View Entire Collection
By Clinical Topic
By State Requirement
Faith Community Nursing
Future of Nursing Initiative
Head lice are tiny insects that live in the hair on a person's head. They can also be found on eyebrows and eyelashes. Head lice feed on small amounts of blood that they draw from the scalp several times a day. Lice don't cause disease, but they can make the scalp very itchy.
Lice can live on a person's scalp for up to 30 days and their eggs can live on hair for more than 2 weeks. They don't jump or fly. The most common way to get head lice is by head-to-head contact with a person who already has head lice. Although not as common, head lice can be spread from person to person through contact with shared items such as clothing (especially hats), bed linens, combs, and brushes. Getting head lice doesn't have anything to do with the cleanliness of a person or his home.
Lice are most likely to spread to preschool and elementary school children and their families. This is because young children and their families are in close contact and may share personal items that carry lice. Dogs, cats, and other pets don't spread lice to humans.
Head lice are hard to see because they're so small, but your child may feel something moving in his hair and have an itchy scalp. He may have trouble sleeping because lice become active in the dark. You may see tiny white or yellow lice eggs (called nits) on hair shafts close to the scalp. If sores caused by scratching become infected, you may also see small red bumps on his scalp or neck that may become crusty and ooze.
If your child's healthcare provider tells you your child has head lice, it's a good idea to contact your child's school nurse or child-care provider, as well as the parents of your child's friends, to alert them that your child has head lice and to see if other children have been treated recently for head lice.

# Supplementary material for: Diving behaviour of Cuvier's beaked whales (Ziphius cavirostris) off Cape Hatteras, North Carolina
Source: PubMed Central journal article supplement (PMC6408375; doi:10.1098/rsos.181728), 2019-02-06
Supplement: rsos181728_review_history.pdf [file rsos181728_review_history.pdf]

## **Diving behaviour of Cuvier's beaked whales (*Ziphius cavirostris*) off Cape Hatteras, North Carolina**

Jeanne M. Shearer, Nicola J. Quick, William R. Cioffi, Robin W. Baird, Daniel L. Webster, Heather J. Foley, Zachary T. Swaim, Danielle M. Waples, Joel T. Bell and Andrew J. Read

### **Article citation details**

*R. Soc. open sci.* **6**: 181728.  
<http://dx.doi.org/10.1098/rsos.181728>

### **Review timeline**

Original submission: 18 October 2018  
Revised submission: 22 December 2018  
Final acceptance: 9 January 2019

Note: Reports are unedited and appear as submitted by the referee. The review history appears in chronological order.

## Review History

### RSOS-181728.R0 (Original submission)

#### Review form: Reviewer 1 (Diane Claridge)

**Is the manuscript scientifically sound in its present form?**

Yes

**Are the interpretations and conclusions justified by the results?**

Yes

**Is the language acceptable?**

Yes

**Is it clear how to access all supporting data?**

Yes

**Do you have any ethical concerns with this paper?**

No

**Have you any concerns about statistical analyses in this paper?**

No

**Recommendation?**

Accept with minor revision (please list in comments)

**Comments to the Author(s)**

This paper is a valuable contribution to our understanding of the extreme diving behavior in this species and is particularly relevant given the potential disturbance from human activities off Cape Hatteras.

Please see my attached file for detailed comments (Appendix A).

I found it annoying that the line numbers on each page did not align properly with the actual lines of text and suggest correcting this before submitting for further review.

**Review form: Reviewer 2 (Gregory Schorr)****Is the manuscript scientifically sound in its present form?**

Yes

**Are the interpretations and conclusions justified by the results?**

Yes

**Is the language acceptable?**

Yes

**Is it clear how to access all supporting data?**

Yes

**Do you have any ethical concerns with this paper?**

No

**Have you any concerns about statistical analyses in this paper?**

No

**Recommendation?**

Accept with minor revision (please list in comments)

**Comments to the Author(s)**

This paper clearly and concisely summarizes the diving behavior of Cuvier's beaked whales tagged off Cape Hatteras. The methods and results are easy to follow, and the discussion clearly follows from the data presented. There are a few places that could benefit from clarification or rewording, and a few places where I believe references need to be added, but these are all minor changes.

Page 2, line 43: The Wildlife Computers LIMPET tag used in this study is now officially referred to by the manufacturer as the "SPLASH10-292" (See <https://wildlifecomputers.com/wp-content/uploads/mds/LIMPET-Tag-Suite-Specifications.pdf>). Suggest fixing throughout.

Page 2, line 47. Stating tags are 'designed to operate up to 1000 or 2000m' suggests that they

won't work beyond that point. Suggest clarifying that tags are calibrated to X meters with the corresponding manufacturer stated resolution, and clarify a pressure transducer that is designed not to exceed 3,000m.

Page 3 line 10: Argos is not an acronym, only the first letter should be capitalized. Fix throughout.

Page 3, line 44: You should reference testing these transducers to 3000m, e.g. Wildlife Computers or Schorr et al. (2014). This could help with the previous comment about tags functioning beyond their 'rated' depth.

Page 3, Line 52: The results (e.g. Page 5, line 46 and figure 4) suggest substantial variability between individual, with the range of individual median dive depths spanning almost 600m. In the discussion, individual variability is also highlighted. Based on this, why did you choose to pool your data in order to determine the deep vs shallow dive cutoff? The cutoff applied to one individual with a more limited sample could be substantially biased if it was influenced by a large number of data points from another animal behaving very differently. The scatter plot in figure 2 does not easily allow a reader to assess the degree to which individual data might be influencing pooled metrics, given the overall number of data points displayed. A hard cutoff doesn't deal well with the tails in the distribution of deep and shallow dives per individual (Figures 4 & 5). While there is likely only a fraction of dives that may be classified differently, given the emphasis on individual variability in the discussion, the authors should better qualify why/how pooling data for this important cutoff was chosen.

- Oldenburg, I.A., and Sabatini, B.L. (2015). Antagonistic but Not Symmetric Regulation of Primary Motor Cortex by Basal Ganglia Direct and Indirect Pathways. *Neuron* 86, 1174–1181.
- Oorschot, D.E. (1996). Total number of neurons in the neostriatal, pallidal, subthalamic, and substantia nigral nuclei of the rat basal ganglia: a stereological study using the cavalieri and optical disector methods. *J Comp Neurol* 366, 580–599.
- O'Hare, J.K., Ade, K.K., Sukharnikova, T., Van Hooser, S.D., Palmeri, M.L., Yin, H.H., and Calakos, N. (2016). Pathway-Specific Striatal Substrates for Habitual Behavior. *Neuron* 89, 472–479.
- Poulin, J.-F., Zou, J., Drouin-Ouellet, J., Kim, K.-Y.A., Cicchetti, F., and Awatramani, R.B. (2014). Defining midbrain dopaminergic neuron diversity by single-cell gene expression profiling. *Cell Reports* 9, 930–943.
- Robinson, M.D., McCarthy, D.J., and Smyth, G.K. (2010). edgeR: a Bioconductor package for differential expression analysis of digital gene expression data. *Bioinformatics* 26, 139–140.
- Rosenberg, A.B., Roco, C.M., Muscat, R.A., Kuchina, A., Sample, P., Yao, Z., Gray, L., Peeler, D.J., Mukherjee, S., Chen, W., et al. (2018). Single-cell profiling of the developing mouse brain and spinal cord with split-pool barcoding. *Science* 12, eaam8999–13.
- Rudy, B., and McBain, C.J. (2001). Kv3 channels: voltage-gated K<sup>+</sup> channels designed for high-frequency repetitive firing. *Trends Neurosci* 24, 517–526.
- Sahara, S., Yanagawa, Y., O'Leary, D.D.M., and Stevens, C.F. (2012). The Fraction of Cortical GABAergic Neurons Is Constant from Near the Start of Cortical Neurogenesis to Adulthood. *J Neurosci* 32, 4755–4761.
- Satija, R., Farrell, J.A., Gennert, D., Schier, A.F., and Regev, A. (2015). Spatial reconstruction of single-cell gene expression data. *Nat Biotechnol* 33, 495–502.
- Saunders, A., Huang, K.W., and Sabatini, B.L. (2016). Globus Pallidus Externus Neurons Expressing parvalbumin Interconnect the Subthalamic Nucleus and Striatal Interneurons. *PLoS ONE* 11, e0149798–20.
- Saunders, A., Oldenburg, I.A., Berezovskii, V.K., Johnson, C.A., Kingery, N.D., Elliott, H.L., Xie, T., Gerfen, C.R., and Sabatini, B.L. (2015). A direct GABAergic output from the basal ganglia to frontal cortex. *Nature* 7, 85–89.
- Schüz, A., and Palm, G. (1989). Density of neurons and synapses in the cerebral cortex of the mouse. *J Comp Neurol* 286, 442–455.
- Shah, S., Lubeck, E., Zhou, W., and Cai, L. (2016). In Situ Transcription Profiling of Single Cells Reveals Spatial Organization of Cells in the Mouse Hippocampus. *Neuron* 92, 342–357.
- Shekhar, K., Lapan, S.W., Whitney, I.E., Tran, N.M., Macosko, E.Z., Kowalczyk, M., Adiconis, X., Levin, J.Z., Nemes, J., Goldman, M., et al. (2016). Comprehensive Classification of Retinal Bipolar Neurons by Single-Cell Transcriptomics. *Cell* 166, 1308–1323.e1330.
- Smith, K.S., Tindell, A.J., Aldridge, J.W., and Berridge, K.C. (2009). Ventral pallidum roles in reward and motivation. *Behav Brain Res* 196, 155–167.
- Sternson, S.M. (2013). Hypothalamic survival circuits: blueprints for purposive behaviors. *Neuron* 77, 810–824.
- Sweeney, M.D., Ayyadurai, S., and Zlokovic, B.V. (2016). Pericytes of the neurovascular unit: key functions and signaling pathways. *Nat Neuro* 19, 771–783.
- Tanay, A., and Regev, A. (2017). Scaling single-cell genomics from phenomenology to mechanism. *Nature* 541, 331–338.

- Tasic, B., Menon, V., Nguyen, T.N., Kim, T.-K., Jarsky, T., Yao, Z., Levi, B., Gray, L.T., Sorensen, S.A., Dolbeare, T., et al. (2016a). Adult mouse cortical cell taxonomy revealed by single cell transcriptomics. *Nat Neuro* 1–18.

As recommended by your child's healthcare provider, you can treat head lice with over-the-counter or prescription medicated lotions and shampoos that kill the lice and nits. Many of them shouldn't be used in small children, so follow the healthcare provider's advice and read the instructions on the label carefully. Make sure the lotion or shampoo doesn't get into your child's eyes. If it doesn't kill all of the lice and nits, tell your child's healthcare provider, who will probably prescribe another medicine. Never try to kill the lice using home remedies, especially gasoline, kerosene, paint thinner, or garden pesticides. These can be poisonous and extremely harmful to you and your child.
Medicines that kill lice shouldn't be used on children ages 2 and under, so you'll have to remove the lice and nits by hand. Use a fine-tooth comb or a special nit comb that you can buy at a drugstore on your child's wet hair every 3 to 4 days for 2 weeks.
To keep head lice from coming back, wash all items worn or used by the child in the 2-day period just before treatment in very hot water (130[degrees] F or 54.4[degrees] C) and put them in the dryer for at least 20 minutes. If linens, clothes, or stuffed animals can't be washed, you can have them dry cleaned or seal them in a plastic bag for 2 weeks-lice don't live long away from humans. You can also vacuum carpets and fabric-covered furniture in your home and car. Soak any combs, brushes, and other hair care items that were used by the child in hot water (at least 130[degrees] F or 54.4[degrees] C for 5 to 10 minutes).
Your child may have to stay home until the infection is under control. Check with your child's school, preschool, or child-care center for their policies.
To help prevent the spread of head lice, teach your child to:
* avoid sharing hats, scarves, coats, towels or hair care items with other children
* avoid head-to-head contact at school (on the playground, in gym class, or during sports).
For life-long learning and continuing professional development, come to Lippincott's NursingCenter.
Debunking Three Rape Myths
Journal of Forensic Nursing, October/December 2014
Expires: 12/31/2016 CE:2.5 $24.95
Drug updates and approvals: 2014 in review
The Nurse Practitioner, 13December 2014
Expires: 12/31/2016 CE:3 $27.95
Can Food Processing Enhance Cancer Protection?
Nutrition Today, September/October 2014
Expires: 10/31/2016 CE:2 $21.95
More CE Articles
Subscribe to Recommended CE
Differential Diagnosis of High Peak Airway Pressures
Dimensions of Critical Care Nursing, January/February 2015
Free access will expire on February 2, 2015.
The Institute of Medicine’s 2014 Committee on Approaching Death Report: Recommendations and Implications for Nursing
Journal of Hospice and Palliative Nursing, December 2014
Free access will expire on January 19, 2015.
A missed connection: Depression screening in cardiac inpatients
Nursing2014 , December 2014
Free access will expire on January 19, 2015.
More Recommended Articles
Subscribe to Recommended Articles
Back to Top